I have heard and read many times about the solitary nature of a writer's life. Even to the extent that I am writing, about 2-4 hours a day, I am feeling it to be true. It's not only the time that I am writing that I am removed from my surroundings, it is also much of the rest of the time. I am thinking about things I've already written, wondering if they work, planning in my mind for changes, or for future themes to cover when I write in this blog or for my everyday people examiner job, or that elusive book which hovers all the time.
I really enjoy it. The quandary is that I don't always enjoy how much it pulls me away from other things. My attention is spotty, which can be frustrating to my husband and daughter. Part of the problem is my fatigue, too, and the fact that I want to go to bed when they're up at night, and I'm up when they're not in the morning.
I still want to be a present mother for my daughter at home, and frankly, I should also remember that I will still have a husband around after she leaves - not to mention three dogs. And three other children who like to check in and know that I'm here for them too. Everyone has been slightly neglected.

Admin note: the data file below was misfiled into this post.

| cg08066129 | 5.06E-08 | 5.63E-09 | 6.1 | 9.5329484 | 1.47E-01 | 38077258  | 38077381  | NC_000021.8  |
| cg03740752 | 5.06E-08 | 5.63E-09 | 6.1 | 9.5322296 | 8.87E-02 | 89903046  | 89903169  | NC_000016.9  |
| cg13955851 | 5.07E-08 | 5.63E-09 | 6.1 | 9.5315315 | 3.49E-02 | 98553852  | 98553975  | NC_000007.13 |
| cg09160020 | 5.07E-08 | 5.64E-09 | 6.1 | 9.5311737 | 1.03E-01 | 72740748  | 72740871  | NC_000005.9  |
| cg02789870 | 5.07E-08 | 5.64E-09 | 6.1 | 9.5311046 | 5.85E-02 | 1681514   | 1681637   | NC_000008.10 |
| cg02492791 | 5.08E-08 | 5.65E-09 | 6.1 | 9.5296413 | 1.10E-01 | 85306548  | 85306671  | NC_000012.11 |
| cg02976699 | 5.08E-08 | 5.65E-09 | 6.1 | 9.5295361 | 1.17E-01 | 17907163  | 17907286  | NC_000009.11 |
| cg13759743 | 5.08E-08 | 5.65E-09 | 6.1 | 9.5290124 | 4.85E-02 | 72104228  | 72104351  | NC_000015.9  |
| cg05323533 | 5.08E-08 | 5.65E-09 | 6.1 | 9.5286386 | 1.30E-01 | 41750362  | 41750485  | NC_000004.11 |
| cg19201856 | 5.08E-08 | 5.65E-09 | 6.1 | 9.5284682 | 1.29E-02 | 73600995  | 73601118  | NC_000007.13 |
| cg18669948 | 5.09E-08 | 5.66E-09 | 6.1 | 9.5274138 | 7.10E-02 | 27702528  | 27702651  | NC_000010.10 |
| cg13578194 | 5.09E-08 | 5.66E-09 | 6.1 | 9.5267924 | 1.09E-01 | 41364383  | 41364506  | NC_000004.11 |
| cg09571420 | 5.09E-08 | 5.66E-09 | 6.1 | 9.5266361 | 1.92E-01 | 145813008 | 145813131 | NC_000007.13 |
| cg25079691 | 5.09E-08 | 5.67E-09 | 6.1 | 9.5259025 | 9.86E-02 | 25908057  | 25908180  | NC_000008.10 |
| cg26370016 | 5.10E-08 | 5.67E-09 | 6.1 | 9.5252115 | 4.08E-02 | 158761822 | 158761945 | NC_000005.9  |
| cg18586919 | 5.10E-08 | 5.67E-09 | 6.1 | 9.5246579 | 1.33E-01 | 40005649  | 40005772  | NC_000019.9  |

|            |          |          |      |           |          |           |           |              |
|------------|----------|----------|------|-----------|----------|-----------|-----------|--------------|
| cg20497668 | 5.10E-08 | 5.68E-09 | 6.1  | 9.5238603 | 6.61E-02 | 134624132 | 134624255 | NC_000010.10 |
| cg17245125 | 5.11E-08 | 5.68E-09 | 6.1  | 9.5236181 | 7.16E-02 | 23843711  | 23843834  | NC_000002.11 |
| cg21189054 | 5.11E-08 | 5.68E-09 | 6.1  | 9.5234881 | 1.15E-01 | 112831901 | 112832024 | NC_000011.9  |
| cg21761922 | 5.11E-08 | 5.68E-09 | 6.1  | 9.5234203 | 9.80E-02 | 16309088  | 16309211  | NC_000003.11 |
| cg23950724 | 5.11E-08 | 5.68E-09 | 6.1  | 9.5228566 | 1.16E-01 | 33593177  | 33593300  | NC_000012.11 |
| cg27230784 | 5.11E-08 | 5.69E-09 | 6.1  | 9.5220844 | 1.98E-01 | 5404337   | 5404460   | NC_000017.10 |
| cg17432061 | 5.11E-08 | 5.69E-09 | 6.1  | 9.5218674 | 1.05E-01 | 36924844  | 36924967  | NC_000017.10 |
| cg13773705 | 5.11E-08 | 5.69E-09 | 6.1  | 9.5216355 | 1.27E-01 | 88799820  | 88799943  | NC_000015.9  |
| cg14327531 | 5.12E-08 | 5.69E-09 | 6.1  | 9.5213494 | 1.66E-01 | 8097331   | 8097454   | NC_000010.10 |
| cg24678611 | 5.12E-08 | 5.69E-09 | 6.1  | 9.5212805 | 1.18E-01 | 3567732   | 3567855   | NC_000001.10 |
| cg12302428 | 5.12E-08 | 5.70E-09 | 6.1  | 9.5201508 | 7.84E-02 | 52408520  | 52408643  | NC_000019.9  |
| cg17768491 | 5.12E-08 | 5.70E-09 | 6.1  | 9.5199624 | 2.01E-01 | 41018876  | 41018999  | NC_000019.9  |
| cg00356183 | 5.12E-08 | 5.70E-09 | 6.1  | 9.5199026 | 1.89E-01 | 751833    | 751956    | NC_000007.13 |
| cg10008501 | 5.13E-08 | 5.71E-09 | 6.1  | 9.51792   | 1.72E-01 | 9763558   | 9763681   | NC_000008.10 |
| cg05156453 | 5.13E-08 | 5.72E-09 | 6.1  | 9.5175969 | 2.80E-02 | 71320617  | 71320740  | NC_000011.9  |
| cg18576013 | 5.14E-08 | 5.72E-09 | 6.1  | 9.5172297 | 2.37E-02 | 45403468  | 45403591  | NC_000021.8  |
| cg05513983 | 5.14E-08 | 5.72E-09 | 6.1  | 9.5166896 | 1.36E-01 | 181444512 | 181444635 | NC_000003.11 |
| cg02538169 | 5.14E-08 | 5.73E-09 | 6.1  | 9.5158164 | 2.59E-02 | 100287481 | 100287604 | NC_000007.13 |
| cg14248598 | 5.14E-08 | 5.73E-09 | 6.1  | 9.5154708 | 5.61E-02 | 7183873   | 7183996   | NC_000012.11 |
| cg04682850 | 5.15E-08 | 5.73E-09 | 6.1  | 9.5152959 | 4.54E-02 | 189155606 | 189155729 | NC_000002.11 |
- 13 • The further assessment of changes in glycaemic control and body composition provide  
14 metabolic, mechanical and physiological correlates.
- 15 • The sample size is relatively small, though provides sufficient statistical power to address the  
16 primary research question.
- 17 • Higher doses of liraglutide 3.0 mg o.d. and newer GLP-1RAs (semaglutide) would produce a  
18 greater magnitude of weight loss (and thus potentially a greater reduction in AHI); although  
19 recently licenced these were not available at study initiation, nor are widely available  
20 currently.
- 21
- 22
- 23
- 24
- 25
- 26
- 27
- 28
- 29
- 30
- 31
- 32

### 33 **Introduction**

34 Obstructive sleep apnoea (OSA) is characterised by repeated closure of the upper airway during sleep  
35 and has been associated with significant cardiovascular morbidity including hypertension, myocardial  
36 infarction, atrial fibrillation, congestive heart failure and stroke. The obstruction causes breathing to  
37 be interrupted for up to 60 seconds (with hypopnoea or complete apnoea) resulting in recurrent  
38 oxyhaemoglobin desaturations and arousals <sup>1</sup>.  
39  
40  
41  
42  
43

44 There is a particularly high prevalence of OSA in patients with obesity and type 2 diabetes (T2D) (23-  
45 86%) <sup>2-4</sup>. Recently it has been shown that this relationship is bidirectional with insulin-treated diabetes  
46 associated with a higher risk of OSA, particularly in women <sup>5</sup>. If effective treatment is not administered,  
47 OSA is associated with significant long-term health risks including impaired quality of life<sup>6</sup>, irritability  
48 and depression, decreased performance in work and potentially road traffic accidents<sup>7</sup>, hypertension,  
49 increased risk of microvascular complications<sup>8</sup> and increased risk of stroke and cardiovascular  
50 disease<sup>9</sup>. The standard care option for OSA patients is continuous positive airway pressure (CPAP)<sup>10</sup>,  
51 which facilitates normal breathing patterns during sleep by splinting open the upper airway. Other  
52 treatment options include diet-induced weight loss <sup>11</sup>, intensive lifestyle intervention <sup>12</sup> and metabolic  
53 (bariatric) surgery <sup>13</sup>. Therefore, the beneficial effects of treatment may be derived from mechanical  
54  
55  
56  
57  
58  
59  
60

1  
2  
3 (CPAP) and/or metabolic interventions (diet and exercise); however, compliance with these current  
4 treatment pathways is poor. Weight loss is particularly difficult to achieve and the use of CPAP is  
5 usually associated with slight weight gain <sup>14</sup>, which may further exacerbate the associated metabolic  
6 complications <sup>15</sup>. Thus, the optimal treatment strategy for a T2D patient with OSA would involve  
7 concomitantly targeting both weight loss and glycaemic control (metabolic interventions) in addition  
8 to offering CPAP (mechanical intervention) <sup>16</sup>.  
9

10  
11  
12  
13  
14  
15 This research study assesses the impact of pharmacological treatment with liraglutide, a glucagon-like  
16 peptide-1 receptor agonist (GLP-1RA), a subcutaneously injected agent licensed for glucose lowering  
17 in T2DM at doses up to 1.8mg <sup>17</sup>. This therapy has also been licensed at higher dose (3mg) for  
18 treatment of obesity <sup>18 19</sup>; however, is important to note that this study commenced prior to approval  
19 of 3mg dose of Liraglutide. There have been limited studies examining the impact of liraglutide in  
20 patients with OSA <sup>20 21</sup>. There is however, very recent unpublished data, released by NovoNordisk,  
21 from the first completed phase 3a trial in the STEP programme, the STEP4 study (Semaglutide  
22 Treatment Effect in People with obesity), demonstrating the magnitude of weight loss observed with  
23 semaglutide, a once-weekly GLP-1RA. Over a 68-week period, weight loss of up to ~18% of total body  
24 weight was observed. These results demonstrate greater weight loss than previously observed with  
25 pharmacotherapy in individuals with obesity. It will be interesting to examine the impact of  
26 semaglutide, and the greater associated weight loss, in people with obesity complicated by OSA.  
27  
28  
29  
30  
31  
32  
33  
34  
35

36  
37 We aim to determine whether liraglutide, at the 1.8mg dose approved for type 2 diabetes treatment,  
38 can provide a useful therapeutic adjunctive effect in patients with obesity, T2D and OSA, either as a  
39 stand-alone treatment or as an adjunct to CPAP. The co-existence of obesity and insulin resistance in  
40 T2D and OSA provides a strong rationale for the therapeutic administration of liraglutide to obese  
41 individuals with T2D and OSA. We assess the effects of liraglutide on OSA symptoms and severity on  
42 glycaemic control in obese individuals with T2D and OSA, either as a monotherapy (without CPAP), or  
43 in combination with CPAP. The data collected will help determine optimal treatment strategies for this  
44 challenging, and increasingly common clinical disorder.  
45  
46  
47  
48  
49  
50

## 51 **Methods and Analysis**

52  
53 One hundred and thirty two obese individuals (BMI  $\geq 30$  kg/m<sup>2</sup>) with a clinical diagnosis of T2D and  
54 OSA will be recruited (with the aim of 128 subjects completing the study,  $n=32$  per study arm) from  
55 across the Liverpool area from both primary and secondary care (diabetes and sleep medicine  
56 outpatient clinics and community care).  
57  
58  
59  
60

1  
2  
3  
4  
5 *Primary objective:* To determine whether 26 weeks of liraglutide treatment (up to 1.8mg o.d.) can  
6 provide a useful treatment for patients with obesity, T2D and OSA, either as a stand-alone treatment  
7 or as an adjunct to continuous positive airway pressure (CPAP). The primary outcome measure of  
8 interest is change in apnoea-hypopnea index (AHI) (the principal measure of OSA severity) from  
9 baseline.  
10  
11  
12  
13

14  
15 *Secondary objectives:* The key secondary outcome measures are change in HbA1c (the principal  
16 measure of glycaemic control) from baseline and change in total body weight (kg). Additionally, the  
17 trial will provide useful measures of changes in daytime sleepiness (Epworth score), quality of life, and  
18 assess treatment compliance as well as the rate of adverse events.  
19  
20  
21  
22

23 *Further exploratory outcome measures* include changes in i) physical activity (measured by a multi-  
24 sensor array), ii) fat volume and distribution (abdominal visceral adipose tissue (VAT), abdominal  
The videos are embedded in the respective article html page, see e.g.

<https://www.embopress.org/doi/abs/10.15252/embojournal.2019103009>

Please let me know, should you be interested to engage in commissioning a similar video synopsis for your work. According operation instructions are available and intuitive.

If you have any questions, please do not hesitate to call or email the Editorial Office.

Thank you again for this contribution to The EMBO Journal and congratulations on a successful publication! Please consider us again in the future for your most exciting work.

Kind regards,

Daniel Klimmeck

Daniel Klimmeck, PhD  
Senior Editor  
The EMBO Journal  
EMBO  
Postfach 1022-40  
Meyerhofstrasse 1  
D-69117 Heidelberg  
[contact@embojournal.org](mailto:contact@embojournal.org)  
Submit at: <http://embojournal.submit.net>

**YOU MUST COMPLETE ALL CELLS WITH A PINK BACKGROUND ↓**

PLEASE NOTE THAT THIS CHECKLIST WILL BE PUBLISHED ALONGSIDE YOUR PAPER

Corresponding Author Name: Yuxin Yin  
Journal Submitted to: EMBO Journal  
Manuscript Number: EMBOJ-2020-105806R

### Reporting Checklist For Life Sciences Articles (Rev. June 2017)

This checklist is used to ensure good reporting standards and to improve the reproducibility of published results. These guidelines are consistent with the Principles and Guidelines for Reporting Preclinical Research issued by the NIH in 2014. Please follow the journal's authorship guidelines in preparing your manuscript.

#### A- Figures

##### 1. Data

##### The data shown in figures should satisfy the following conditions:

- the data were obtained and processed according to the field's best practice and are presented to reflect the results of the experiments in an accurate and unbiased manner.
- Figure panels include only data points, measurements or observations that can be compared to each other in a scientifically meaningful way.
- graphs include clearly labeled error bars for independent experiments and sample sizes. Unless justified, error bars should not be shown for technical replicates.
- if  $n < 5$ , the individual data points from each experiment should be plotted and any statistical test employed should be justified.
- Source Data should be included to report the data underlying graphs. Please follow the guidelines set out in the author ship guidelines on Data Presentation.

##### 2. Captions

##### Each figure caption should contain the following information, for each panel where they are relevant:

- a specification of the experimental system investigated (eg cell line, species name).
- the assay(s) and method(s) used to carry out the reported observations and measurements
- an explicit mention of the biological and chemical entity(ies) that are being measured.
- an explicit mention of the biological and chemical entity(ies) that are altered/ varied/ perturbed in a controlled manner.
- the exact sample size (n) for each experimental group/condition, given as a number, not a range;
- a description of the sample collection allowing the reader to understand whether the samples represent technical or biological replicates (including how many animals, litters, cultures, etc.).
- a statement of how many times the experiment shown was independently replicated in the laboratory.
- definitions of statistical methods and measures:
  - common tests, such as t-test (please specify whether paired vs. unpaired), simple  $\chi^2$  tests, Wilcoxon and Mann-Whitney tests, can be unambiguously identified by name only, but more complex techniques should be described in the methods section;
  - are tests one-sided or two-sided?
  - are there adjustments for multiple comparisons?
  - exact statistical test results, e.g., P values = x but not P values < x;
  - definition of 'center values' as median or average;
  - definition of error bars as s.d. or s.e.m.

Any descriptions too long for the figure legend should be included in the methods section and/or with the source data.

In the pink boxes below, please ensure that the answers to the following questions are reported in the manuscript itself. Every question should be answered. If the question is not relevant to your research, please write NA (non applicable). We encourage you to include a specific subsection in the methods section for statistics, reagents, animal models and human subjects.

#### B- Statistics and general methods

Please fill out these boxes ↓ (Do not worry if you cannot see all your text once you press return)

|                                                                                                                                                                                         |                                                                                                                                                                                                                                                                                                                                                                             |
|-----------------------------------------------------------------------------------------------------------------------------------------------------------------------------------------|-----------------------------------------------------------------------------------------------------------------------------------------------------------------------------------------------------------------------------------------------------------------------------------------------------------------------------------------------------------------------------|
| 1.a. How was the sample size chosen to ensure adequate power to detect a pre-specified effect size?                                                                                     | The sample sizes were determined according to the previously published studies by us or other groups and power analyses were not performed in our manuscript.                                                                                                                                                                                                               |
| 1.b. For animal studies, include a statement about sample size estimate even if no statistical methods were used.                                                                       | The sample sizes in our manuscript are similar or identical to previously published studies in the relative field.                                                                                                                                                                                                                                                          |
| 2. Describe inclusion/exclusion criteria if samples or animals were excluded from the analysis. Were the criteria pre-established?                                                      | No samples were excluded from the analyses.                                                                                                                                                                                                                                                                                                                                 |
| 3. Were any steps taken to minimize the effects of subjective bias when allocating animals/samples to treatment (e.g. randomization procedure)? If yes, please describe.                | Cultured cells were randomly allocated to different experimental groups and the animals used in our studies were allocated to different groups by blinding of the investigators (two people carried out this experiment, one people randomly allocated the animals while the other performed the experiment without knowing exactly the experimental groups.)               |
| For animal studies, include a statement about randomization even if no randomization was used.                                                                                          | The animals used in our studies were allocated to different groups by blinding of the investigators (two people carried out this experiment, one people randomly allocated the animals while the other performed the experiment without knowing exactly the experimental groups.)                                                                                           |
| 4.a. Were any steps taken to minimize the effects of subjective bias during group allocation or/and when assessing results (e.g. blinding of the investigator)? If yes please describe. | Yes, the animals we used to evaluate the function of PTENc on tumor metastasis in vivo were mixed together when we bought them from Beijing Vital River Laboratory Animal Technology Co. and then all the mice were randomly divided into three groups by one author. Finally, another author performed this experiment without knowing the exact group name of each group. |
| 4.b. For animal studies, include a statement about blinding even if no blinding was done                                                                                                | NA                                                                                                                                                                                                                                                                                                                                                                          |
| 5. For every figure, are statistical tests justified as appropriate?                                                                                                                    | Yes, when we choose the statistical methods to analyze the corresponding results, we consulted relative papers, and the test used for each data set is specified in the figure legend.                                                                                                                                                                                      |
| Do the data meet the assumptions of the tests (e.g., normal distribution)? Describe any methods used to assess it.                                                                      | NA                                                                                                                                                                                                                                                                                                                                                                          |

It's not that I feel some kind of oppressive obligation. I like to be mentally and emotionally available for the people, and even for the animals that I love. I'm not planning on leaving this writing life behind. In fact, I am thoroughly committed to making it what I do. It's just a balance I have to continue to work towards. Figuring out how to leave it all behind when I'm not working is a big part of it. So -- if I don't make my 3+ articles a week for examiner, so be it. That's an easy fix.
Christina Baker Kline: A Writing Life is a blog that has had some very useful tips to help me along. Thanks to the friend who led me there.
I spotted the "traffic bird" today. There is a bird song that plays at a traffic light for blind people, and I've always wondered what it was. I hear the same song often in my yard, and finally found the singer in a tree today. It was, I believe, a cardinal in its winter plumage. A tufted bird - the red was very faint, but it was dim light, so it's always hard to tell.
Not much to see in the eastern sky this morning other than a passing jet with its lights aglow:
So I've posted a couple of shots of the southern (above) and western (below) sky, where some faint patches of blue showed their hopeful signs...
Here, also, is a stretch of lawn that is beginning (already!) to show the faintest signs of green. I'll post this photo now, for the fun of contrast later on.